Aintree University Hospital NHS Foundation Trust has replaced paper medical records with an electronic system that...
clinicians find as navigable than paper – more so, in some cases – and has done so six years ahead of the current health secretary’s "go paperless" edict.
Aintree is a large teaching hospital in Liverpool providing Accident & Emergency services and a range of acute and non-acute specialties. It serves a population of around 330,000 in north Liverpool.
The project won a Computer Weekly enterprise software user award last month.
Mike Pearson, consultant physician at the hospital, says: “Some Trusts have just scanned the whole patient record which is useless, as doctors are presented with thousands of PDF pages and accessing information is almost impossible. The innovative indexing system developed for our solution means notes are always available and we can find many results as quickly or faster than using paper.”
Ward Priestman (pictured, with Mike Pearson, left), director of informatics at Aintree University Hospital NHS Foundation Trust, says senior clinician involvement with the electronic document management system project was crucial. Priestman's role encompasses IT, information and performance.
“If you don't have clinical engagement, you will fail. This is not an IT project, it is a business change project with an IT dimension,” says Priestman.
The project has its origins in a proposal for a new building in 2008. It deployed bespoke software from CCube Solutions along with a custom portal to provide clinicians with an electronic medical record. Capita Total Document Solutions (TDS) is providing the service, using Kodak scanning hardware and software to ensure high-quality image capture. “All three have been fantastic”, says Priestman.
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“We had 10 miles of shelving for paper files,” he recalls. “It was an absolute nightmare. Like much of the NHS, we were bursting at the seams with paper.”
£15m paper storage construction
In 2008 the trust was planning to construct a £45m building with three floors – two for clinical purposes and one for paper storage.
“That meant up to£15m for storing paper. I said that was nonsense, you can’t do that,” says Priestman. He convinced the Aintree University Hospital NHS Foundation Trust board to invest in technology to get rid of the paper.
There followed a 12-month scouting and tendering process. Priestman says: “We found the enterprise content management systems out there were not mature enough to do what we wanted them to do.
“So we worked with a supplier and got them to make some changes, especially around forms recognition, which made it work in an NHS context. We quickly realised that our pre-printed forms had most of the information to make the indexing easier.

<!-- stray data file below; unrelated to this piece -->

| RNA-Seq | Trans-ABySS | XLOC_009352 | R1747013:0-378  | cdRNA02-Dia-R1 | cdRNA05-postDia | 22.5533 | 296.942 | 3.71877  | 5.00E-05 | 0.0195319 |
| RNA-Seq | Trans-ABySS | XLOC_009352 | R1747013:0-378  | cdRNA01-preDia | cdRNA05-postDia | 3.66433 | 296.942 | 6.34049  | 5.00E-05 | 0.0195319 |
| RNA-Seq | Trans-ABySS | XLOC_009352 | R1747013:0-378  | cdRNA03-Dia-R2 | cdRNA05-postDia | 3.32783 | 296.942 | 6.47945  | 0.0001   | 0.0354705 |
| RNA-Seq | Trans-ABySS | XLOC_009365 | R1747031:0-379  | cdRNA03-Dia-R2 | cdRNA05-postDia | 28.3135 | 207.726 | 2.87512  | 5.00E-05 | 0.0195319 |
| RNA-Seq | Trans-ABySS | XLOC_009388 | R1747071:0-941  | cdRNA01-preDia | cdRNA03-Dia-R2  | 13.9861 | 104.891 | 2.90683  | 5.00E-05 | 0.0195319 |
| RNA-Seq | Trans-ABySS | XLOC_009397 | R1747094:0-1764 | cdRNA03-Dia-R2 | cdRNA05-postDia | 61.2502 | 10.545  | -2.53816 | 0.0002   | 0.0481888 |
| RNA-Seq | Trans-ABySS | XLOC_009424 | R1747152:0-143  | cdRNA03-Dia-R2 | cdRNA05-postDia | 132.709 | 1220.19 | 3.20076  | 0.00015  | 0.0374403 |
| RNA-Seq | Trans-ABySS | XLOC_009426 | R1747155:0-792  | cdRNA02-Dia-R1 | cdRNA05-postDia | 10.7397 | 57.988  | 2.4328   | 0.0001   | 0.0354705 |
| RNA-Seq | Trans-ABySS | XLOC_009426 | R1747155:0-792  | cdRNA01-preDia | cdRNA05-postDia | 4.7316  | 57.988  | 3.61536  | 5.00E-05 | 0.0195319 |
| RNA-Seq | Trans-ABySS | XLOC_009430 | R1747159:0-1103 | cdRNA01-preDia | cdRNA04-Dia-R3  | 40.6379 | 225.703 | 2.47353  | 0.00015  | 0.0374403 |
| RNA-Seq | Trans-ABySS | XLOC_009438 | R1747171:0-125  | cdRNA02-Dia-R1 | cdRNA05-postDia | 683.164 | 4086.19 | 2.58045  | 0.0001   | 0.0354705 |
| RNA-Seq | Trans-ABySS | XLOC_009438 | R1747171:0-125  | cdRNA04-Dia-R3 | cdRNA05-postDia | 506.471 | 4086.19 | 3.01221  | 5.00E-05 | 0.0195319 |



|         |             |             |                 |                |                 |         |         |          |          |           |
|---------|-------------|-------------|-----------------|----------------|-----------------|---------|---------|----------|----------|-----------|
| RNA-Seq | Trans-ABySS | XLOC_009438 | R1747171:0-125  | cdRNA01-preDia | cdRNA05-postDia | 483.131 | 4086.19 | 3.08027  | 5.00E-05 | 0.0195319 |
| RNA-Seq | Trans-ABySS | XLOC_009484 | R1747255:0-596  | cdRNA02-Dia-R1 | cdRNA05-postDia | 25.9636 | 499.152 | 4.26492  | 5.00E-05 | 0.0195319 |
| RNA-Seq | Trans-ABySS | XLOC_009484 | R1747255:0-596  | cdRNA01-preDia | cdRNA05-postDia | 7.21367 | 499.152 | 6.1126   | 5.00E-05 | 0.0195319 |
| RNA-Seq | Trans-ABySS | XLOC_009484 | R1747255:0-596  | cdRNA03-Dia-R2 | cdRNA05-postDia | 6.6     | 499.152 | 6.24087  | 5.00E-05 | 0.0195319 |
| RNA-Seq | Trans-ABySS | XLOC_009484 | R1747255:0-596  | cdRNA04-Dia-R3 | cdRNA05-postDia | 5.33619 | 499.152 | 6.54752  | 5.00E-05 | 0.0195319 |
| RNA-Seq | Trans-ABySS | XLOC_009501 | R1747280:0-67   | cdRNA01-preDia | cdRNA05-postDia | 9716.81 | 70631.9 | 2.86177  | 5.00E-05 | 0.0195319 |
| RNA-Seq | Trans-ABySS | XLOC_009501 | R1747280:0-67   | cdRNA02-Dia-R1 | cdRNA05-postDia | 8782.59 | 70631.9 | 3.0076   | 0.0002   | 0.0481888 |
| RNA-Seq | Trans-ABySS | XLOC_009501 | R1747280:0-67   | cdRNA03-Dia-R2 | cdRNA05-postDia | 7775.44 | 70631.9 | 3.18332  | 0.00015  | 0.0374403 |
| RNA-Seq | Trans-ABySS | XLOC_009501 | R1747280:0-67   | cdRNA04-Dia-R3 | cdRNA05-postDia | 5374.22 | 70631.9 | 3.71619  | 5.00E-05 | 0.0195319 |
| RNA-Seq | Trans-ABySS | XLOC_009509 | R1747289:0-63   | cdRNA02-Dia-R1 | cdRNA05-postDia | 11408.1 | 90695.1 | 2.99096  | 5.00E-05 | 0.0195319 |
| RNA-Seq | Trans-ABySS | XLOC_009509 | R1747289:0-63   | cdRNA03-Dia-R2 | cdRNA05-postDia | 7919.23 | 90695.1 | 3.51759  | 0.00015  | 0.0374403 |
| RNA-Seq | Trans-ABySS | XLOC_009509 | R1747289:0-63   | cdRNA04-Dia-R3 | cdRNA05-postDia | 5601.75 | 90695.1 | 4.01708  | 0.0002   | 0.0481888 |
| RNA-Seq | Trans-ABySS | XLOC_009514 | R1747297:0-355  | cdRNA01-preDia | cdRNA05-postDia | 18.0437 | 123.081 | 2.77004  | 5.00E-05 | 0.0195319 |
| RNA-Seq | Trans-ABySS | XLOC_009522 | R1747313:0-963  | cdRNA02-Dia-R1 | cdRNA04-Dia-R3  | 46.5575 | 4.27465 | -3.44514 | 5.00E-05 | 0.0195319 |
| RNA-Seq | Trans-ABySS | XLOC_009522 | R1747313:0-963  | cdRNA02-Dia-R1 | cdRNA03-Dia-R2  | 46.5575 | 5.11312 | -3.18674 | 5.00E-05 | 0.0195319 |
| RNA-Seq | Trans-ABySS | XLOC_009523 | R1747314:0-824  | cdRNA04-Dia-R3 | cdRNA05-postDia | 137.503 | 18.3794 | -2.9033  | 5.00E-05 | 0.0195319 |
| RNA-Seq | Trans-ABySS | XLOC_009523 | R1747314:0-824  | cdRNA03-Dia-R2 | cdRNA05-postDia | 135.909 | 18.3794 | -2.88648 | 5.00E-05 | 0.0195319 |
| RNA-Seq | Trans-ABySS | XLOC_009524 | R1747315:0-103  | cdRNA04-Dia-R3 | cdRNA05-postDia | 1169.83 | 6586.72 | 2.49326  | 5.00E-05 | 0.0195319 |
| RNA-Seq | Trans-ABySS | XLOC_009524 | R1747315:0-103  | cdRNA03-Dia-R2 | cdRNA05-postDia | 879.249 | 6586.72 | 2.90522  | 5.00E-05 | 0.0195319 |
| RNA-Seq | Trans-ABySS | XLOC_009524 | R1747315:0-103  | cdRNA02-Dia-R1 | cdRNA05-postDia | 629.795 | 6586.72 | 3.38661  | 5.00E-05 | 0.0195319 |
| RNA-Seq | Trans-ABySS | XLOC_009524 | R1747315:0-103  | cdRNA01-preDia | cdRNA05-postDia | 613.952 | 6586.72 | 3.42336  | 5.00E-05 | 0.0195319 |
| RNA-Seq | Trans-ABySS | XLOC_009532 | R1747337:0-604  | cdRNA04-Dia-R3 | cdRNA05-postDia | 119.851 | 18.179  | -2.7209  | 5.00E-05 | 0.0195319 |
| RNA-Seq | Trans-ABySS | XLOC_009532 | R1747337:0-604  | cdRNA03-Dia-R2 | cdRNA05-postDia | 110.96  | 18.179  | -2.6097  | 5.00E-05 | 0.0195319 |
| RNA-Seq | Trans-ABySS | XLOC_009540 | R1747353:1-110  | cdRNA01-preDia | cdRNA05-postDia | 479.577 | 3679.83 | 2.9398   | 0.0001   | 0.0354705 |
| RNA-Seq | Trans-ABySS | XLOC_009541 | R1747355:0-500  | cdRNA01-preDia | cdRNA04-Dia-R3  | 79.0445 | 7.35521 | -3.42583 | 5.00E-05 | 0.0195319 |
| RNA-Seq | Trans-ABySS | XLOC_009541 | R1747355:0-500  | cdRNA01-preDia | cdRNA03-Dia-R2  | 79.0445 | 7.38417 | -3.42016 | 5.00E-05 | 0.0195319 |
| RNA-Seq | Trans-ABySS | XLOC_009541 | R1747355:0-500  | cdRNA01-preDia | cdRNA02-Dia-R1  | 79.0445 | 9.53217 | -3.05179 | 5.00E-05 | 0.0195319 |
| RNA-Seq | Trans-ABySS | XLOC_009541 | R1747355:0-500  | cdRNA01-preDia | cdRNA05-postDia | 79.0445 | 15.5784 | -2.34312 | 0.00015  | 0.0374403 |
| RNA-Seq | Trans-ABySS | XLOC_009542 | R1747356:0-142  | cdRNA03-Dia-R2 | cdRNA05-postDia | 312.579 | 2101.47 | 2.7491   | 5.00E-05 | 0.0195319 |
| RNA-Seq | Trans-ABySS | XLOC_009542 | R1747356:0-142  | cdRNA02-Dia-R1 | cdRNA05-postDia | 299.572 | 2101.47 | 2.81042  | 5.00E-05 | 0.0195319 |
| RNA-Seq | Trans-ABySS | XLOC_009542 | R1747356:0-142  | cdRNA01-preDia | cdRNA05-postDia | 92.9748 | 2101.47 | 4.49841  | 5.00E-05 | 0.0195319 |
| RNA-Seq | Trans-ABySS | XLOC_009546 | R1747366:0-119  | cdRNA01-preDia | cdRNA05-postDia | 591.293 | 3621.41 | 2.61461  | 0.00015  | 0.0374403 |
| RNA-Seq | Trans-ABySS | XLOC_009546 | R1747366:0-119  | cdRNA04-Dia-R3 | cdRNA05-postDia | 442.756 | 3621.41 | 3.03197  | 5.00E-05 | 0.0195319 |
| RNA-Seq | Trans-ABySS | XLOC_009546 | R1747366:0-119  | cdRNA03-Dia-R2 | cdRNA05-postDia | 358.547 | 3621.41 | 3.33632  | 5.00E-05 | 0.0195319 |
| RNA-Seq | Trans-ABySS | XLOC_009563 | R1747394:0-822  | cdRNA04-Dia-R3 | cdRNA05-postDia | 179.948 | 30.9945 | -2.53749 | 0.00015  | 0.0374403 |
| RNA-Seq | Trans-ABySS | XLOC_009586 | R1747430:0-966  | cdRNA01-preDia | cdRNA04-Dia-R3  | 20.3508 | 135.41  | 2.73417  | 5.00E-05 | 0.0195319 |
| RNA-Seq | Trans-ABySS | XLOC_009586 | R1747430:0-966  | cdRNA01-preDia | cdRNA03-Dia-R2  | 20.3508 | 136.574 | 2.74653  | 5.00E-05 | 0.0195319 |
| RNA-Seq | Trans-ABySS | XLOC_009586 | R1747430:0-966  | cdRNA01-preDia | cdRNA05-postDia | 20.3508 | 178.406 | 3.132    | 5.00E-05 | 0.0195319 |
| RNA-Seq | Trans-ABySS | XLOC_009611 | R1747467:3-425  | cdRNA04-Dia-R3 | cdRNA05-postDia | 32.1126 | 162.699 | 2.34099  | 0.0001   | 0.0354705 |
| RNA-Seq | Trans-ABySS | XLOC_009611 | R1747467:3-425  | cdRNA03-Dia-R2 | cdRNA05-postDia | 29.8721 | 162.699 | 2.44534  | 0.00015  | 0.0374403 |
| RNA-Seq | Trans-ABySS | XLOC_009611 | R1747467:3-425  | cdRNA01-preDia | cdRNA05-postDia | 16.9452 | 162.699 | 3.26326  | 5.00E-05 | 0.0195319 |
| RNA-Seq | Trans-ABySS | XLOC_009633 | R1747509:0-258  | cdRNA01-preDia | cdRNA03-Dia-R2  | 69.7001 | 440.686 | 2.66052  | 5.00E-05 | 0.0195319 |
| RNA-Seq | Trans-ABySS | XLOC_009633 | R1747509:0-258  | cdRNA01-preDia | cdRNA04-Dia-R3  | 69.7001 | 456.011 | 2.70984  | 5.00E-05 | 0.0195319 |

“Imagine a patient coming in for 10 years with a chronic condition. That could mean six or seven volumes, with hundreds of pages. By using an electronic system you can find that information much faster.
“So it started as a storage cost project, but it quickly moved on to the clinical piece.
“We are a teaching hospital and many of our senior clinicians work from home. So they can now be consulted remotely by junior doctors and students.” Some 3,000 Aintree health professionals use the system on a daily basis and the trust has stopped using paper health records in clinical practice.
Staff access the electronic document management system by means of the trust’s Patient Management System (PMS) when they login. Other IT systems are integrated, including pathology and radiology results, pharmacy, prescribing and theatre systems.
A clinical team helped define the functionality of the software. Workshops were held so staff could engage with a prototype system and provide input.
But the biggest project challenge was scanning, says Priestman. The project team, of around seven people, started doing that, themselves. But it quickly became clear that that was uneconomical. “It would also have cost two pence per page to manually sort out the case notes and we ended up scanning 55 million pages. Computers work overtime for free.”
And so Aintree uses CCube’s bespoke forms recognition technology, including OCR, to automate the process of recognising the pre-printed forms. This ensures contents are correctly indexed even if forms are incorrectly filed in the physical records.
“There is an NHS edict to be paperless by 2018. We did that by 2012. The system is very robust in terms of its architecture. And it is faster to find the information than in the old paper-based system," says Priestman.
“You could take this project up and use it in any other NHS acute hospital in the country.” He confirms it is in use at St Helen’s and Knowsley.
“The partners all played a huge part in what we did. If we did this again, we would not have started to scan ourselves in the first place. We gave it a go but was an absolute nightmare, and we tried everything. You'd also have to build up a team and then disband it. I would strongly advise outsourcing that risk," he says.
“I would also advise involving senior clinicians. We had strong sponsorship.”
The system cost £1.5m and the project took 15 months to complete. The trust expects to save £1m annually by closing the traditional paper library, reducing staff and avoiding the transport costs associated with moving 4,200 patient files every day.